There is nothing that characterizes the complete rottenness of the racial-mystical orientation so thoroughly as this rejection of reason. The biological prolegomena of thought, as they are understood by the fascist philosophers, are in fact an ideological illusion. In reality, the springs of the social-historical process operate here as well. The logic of “biology” in this case reflects a concrete social and historical setting, and analysis of this logic once again confirms the fundamental truths of Marx’s historical materialism. ‘The social being of a class that is doomed and perishing, that is making desperate, brutal lunges, defines both the class itself and its social consciousness. The rejection of rational cognition and its replacement with mysticism is a testimony to intellectual poverty, which from the point of view of world history deprives this class of the right to historical existence. No one should raise petty objections to this formula; it is, of course, simply a metaphor. Nevertheless, it is an expression of reality. It signifies that tendencies of a progressive type, that is, tendencies associated with life, have become incompatible with the existence of a class which cannot go forward and which only looks backward. For precisely this reason, the class is forced to wage a struggle against reason and against reasoned cognition, whose development on a general scale poses an ever greater threat to the rotten, decadent system of the exploiters. The renewal of modern philosophical thought will not pass along these roads.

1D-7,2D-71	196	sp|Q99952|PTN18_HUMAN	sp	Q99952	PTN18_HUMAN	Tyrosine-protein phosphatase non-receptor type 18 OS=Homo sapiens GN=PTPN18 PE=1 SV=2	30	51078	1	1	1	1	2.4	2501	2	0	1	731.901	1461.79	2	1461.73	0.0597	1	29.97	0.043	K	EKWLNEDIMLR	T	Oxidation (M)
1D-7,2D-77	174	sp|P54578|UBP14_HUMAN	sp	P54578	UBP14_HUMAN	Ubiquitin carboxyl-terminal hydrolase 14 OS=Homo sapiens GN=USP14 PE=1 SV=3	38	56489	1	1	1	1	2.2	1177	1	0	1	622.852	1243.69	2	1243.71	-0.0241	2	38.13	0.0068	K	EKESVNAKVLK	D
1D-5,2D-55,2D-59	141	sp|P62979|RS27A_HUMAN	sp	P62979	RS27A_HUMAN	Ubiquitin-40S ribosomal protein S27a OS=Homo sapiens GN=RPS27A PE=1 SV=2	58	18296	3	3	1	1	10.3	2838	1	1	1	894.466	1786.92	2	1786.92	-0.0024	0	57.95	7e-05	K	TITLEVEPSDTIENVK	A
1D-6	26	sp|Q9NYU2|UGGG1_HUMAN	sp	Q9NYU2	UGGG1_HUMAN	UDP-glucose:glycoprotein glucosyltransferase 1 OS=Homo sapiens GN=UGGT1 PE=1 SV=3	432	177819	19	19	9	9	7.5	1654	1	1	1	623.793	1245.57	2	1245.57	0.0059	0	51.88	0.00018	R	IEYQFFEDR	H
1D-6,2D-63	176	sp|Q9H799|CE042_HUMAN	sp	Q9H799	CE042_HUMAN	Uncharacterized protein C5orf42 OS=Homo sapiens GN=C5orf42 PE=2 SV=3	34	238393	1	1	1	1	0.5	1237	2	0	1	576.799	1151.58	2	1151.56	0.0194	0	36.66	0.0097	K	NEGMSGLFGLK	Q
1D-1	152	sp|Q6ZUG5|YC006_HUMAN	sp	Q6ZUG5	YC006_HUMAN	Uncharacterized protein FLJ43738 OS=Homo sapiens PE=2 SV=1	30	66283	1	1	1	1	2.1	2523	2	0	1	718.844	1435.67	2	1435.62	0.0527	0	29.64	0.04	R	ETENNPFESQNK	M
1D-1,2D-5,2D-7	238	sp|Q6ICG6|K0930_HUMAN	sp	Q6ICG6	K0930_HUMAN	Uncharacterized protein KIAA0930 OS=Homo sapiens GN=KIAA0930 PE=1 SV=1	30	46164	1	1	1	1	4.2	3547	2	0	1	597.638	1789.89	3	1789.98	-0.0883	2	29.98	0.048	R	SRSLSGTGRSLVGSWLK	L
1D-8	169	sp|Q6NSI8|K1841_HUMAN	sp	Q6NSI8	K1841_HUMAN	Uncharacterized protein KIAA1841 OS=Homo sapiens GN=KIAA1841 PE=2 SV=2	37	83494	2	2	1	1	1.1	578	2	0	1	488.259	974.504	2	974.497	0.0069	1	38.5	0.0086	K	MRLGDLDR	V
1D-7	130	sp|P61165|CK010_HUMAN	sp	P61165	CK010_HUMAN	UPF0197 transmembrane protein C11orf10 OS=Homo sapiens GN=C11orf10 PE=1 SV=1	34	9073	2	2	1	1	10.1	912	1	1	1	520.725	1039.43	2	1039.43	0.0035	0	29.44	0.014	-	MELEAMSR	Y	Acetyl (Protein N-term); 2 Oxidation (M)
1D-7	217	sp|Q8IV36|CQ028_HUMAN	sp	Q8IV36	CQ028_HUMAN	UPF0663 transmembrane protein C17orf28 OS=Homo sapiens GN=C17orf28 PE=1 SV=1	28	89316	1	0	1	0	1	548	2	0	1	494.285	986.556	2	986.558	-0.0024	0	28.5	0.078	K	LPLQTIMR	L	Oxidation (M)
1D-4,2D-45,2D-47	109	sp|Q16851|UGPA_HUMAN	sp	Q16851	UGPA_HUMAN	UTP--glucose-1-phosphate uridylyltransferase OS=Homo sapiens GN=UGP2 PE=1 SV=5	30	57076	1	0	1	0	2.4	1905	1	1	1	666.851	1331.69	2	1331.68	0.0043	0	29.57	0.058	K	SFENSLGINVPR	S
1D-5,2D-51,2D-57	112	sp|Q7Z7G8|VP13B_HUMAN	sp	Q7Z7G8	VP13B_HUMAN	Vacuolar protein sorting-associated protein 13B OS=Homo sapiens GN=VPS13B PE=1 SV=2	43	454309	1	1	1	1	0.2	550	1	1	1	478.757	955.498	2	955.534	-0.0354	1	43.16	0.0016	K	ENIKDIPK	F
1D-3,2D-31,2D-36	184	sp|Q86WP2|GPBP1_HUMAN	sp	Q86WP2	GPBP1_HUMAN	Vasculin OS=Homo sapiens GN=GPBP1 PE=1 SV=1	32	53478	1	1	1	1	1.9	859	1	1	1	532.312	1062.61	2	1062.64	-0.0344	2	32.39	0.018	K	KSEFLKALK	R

[from “On So-called Racial Thought,” p. 231: conclusion]

SOURCE: Bukharin, Nikolai. Philosophical Arabesques, translated by Renfrey Clarke, with editorial assistance by George Shriver. New York: Monthly Review Press, 2005. With: Introduction: A Voice from the Dead by Helena Sheehan.

Chapter 14: “Hindu Mysticism and Western European Philosophy,” pp. 146-153; Chapter 24: “On So-called Racial Thought,” pp. 224-231. Excerpts: p. 146, 231.

Philosophical Arabesques

Introduction: A Voice from the Dead by HELENA SHEEHAN 7
Editorial Note by MONTHLY REVIEW PRESS 31
Author’s Foreword 34
Author’s Introduction 35
1 — The Reality of the World and the Intrigues of Solipsism 37
2 — Acceptance and Nonacceptance of the World 7
3 — Things in Themselves and Their Cognizability 67
4 — Space and Time 68
5 — Mediated Knowledge 81
6 — The Abstract and the Concrete 83
7 — Perception, Image, Concept 92
8 — Living Nature and the Artistic Attitude toward It 98
9 — Rational Thought, Dialectical Thought, and Direct Contemplation 104
10 — Practice in General and the Place of Practice in the Theory of Knowledge 113
11 — Practical, Theoretical and Aesthetic Attitudes toward the World, and Their Unity 124
12 — The Fundamental Positions of Materialism and Idealism 191
19 — Hylozcism and Panpsychism 199
14 — Hindu Mysticism and Western European Philosophy 146
15 — The So-called Philosophy of Identity 154
16 — The Sins of Mechanistic Materialism 163
17 — The General Laws and Relations of Being 170
18 — Teleology 177
19 — Freedom and Necessity 186
20 — The Organism 193
21 — Modern Science and Dialectical Materialism 200
22 — The Sociology of Thought: Labor and Thought as Social-Historical Categories 207
23 — The Sociology of Thought: Mode of Production and Mode of Representation 214
24 — On So-called Racial Thought 224
25 — Social Position, Thought, and “Experience” 292
26 — The Object of Philosophy 241
27 — The Subject of Philosophy 248
28 — The Interaction of Subject and Object 255
29 — Society as the Object and Subject of Mastering 262
30 — Truth: The Concept of Truth and the Criterion of the Truthful 269
31 — Truth: Absolute and Relative Truth 275
32 — The Good 282
33 — Hegel’s Dialectical Idealism as a System 292
34 — The Dialectics of Hegel and the Dialectica of Marx 308
95 — Dialectics as Science and Dialectics as Art 331
96 — Science and Philosophy 339
37 — Evolution 345
38 — Theory and History 352
39 — The Social Ideal 359
40 — Lenin as a Philosopher 369
Notes 377
Index 305